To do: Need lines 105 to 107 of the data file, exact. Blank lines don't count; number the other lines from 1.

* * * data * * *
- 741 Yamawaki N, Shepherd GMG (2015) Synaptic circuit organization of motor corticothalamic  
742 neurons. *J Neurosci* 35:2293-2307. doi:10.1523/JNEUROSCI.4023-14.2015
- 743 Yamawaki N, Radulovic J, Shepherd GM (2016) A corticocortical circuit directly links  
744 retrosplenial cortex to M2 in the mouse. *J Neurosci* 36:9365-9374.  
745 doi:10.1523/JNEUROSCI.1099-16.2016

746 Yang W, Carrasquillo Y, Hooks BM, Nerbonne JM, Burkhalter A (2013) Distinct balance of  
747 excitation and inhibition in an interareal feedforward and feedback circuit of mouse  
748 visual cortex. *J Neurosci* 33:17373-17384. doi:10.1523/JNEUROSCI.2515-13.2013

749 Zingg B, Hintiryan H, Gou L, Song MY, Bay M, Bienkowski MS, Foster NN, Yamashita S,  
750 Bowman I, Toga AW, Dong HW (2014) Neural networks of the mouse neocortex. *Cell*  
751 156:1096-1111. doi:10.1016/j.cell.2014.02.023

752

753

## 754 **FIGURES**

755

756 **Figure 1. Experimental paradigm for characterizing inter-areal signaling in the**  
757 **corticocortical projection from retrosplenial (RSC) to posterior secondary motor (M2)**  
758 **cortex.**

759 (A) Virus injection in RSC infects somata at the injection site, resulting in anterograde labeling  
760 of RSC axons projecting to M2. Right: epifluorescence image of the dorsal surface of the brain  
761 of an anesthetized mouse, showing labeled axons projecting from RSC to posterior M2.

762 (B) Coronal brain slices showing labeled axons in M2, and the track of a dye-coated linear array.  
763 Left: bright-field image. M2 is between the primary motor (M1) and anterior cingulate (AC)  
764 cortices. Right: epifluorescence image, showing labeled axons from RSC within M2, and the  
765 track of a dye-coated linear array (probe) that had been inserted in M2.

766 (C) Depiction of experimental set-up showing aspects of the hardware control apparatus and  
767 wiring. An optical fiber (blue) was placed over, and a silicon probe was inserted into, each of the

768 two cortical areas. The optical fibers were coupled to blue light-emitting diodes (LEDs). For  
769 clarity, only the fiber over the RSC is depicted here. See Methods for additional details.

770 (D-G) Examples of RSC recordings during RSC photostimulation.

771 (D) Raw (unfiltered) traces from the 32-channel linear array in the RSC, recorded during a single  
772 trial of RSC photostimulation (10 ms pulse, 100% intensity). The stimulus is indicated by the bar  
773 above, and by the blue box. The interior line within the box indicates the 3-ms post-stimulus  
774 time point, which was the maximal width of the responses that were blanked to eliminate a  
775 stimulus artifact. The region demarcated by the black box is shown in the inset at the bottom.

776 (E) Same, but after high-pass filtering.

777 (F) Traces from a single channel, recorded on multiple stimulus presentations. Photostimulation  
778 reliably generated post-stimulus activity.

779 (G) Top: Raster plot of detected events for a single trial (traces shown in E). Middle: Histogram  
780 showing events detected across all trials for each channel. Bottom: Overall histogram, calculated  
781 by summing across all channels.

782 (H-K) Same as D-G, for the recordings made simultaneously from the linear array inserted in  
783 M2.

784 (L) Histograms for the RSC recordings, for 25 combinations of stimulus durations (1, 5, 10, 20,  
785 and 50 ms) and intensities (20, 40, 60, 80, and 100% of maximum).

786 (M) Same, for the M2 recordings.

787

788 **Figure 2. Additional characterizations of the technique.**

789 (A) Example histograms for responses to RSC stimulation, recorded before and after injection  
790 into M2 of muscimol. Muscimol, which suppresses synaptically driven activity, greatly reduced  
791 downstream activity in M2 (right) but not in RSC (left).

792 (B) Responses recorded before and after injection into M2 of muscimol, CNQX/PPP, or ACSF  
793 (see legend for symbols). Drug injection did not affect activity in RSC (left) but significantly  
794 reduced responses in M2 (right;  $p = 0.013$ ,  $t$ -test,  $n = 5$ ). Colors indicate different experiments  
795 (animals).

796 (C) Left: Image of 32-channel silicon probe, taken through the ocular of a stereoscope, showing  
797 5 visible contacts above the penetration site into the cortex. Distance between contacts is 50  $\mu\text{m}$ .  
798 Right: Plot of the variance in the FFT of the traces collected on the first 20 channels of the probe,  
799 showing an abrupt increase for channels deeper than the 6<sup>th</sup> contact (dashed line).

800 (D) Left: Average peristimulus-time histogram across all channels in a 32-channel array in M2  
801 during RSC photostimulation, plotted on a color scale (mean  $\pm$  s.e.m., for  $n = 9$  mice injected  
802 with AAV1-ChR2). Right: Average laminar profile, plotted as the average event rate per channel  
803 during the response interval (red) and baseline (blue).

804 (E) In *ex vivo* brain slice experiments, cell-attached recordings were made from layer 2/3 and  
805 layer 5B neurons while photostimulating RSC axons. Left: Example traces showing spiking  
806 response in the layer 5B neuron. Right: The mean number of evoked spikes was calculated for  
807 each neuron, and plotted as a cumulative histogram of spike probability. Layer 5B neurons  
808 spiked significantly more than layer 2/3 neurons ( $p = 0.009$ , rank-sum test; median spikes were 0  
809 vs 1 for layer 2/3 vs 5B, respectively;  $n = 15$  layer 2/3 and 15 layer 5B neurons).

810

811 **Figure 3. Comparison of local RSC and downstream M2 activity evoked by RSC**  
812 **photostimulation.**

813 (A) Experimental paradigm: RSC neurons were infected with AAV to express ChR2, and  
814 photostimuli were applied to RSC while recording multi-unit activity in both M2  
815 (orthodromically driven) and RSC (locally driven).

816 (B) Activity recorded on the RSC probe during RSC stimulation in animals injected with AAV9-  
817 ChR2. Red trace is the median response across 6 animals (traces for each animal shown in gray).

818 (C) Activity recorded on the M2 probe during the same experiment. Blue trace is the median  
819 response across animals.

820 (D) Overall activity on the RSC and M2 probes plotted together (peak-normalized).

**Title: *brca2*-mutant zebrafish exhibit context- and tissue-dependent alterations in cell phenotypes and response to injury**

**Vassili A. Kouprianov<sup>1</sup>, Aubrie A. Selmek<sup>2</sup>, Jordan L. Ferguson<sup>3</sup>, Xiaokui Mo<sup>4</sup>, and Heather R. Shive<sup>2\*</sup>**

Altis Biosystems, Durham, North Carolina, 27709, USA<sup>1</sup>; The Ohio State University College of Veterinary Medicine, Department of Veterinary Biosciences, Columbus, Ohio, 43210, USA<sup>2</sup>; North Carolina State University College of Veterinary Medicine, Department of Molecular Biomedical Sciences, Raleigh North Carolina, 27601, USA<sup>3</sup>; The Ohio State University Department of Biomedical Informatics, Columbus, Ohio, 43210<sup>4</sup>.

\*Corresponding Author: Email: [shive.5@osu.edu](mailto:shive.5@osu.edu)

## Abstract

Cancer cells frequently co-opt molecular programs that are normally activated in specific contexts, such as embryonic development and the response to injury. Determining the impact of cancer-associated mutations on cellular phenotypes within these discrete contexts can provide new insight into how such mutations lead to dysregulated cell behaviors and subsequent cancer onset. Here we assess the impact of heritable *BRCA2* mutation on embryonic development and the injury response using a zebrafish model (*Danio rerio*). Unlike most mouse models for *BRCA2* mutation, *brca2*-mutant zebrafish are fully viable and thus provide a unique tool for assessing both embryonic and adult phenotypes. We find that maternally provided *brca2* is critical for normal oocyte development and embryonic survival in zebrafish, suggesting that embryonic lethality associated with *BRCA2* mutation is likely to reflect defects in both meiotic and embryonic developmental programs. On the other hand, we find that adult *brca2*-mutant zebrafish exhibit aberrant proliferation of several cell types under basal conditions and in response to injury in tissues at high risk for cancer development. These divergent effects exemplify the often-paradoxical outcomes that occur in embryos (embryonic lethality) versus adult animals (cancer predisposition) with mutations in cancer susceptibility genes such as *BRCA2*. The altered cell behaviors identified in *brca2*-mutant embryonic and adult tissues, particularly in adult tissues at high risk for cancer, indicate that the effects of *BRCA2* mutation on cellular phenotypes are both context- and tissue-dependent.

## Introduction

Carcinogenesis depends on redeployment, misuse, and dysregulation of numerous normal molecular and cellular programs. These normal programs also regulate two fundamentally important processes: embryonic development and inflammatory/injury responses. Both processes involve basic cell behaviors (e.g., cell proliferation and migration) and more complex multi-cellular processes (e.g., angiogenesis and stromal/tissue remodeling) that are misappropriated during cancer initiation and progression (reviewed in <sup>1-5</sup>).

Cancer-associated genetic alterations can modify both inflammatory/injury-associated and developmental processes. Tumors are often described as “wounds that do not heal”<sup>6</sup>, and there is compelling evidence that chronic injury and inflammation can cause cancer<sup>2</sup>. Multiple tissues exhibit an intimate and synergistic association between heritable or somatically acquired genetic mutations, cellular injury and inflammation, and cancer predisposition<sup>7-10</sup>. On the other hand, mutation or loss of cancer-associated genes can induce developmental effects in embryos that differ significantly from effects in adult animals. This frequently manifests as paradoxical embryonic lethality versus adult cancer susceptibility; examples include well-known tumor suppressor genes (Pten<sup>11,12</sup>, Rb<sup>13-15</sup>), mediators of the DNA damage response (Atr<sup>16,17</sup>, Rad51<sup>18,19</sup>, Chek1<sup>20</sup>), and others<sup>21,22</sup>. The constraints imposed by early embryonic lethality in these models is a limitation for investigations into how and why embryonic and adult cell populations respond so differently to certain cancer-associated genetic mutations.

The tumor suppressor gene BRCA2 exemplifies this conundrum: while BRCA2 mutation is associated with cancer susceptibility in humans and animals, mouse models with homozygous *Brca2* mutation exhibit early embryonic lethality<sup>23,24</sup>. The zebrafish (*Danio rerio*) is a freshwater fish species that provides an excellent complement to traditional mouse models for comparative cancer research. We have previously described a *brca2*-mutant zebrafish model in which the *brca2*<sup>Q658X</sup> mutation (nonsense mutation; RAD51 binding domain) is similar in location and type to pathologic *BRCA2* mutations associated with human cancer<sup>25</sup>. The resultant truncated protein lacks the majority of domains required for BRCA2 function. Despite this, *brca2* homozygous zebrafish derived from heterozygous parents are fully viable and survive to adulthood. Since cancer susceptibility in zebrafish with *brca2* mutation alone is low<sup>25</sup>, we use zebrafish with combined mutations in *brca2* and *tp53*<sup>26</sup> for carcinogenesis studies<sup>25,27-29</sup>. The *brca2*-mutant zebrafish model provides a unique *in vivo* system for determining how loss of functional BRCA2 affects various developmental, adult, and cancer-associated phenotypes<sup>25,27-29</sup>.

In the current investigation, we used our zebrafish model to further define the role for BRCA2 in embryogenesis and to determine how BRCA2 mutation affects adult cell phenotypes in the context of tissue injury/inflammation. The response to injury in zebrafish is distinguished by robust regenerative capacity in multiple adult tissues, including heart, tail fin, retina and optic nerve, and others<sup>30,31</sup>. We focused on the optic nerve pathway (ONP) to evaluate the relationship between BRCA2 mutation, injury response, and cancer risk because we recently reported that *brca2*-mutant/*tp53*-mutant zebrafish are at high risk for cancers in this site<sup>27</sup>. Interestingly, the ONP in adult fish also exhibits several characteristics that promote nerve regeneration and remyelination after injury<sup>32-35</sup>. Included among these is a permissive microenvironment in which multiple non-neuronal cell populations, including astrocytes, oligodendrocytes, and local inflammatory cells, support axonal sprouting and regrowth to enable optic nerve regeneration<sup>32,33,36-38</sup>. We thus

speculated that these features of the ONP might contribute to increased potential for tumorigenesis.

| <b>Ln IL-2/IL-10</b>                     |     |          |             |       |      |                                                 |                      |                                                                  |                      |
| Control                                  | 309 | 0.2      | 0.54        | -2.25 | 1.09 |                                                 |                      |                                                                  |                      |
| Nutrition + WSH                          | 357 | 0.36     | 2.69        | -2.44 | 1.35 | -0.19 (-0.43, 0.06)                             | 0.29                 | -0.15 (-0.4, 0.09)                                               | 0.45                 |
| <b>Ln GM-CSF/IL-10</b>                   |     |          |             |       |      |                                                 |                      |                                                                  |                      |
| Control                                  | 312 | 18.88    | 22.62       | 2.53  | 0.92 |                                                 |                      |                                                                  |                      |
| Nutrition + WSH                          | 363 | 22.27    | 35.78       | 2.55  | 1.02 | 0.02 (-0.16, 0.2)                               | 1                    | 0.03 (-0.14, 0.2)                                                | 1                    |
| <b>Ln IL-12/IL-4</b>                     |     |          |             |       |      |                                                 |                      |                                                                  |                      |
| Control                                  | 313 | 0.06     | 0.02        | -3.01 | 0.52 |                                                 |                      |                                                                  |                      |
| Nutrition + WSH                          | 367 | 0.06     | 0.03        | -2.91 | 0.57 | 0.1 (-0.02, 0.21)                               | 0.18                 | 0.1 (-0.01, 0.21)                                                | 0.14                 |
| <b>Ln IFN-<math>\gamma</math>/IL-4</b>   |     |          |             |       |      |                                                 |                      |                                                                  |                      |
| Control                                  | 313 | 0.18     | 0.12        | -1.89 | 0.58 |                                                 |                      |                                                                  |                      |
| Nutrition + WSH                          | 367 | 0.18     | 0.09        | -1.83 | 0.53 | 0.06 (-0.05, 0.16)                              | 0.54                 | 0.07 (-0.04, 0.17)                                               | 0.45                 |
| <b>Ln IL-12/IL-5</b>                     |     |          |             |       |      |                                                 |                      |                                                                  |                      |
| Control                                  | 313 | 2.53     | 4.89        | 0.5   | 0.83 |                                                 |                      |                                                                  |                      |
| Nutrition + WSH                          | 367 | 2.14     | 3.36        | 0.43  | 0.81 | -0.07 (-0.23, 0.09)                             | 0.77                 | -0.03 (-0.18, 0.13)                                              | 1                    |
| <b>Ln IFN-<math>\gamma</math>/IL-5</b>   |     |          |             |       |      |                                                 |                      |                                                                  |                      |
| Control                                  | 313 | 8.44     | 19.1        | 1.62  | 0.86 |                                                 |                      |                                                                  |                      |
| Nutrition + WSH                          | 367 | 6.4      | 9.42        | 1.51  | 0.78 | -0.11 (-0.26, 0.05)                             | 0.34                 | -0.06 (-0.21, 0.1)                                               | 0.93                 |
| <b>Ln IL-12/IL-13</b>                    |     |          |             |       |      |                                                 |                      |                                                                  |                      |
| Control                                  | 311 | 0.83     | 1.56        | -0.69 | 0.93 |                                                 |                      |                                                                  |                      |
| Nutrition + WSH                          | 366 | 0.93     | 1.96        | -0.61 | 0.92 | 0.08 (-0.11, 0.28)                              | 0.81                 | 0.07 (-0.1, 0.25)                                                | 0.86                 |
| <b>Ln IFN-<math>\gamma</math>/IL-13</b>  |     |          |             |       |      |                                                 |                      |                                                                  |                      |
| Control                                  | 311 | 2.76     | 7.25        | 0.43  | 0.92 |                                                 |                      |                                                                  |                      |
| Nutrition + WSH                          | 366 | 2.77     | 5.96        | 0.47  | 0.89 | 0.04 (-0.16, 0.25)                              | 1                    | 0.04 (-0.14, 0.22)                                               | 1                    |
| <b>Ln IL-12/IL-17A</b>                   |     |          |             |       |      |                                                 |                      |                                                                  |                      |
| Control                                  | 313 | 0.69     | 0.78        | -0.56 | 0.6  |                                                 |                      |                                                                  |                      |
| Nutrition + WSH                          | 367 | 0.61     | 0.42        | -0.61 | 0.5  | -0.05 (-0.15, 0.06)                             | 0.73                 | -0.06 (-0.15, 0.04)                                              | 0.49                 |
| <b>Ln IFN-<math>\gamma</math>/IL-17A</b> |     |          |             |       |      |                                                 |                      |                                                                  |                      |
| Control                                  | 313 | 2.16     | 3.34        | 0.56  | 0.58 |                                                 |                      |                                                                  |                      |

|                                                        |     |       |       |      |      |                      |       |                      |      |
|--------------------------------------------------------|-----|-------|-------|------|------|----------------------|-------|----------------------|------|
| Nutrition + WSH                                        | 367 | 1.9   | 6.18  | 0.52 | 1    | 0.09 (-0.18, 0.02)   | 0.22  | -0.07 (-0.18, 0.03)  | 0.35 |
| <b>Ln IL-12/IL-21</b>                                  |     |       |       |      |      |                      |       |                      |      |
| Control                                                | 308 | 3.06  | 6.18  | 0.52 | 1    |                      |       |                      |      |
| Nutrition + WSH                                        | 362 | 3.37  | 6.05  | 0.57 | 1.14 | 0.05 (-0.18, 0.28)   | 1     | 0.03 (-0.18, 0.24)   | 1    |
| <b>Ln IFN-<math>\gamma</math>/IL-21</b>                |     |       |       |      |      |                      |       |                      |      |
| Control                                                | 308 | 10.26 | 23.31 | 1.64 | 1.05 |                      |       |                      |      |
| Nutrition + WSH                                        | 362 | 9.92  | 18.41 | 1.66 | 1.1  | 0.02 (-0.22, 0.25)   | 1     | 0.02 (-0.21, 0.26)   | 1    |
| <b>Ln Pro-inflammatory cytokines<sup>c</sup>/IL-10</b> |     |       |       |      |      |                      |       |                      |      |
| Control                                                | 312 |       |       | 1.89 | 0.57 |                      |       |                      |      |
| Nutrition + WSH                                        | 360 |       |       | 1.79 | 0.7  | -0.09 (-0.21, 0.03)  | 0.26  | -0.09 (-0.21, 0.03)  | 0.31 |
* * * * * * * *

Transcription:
| <b>Ln IL-12/IL-5</b>                     |     |          |             |       |      |                                                 |                      |                                                                  |                      |
| Control                                  | 313 | 2.53     | 4.89        | 0.5   | 0.83 |                                                 |                      |                                                                  |                      |
| Nutrition + WSH                          | 367 | 2.14     | 3.36        | 0.43  | 0.81 | -0.07 (-0.23, 0.09)                             | 0.77                 | -0.03 (-0.18, 0.13)                                              | 1                    |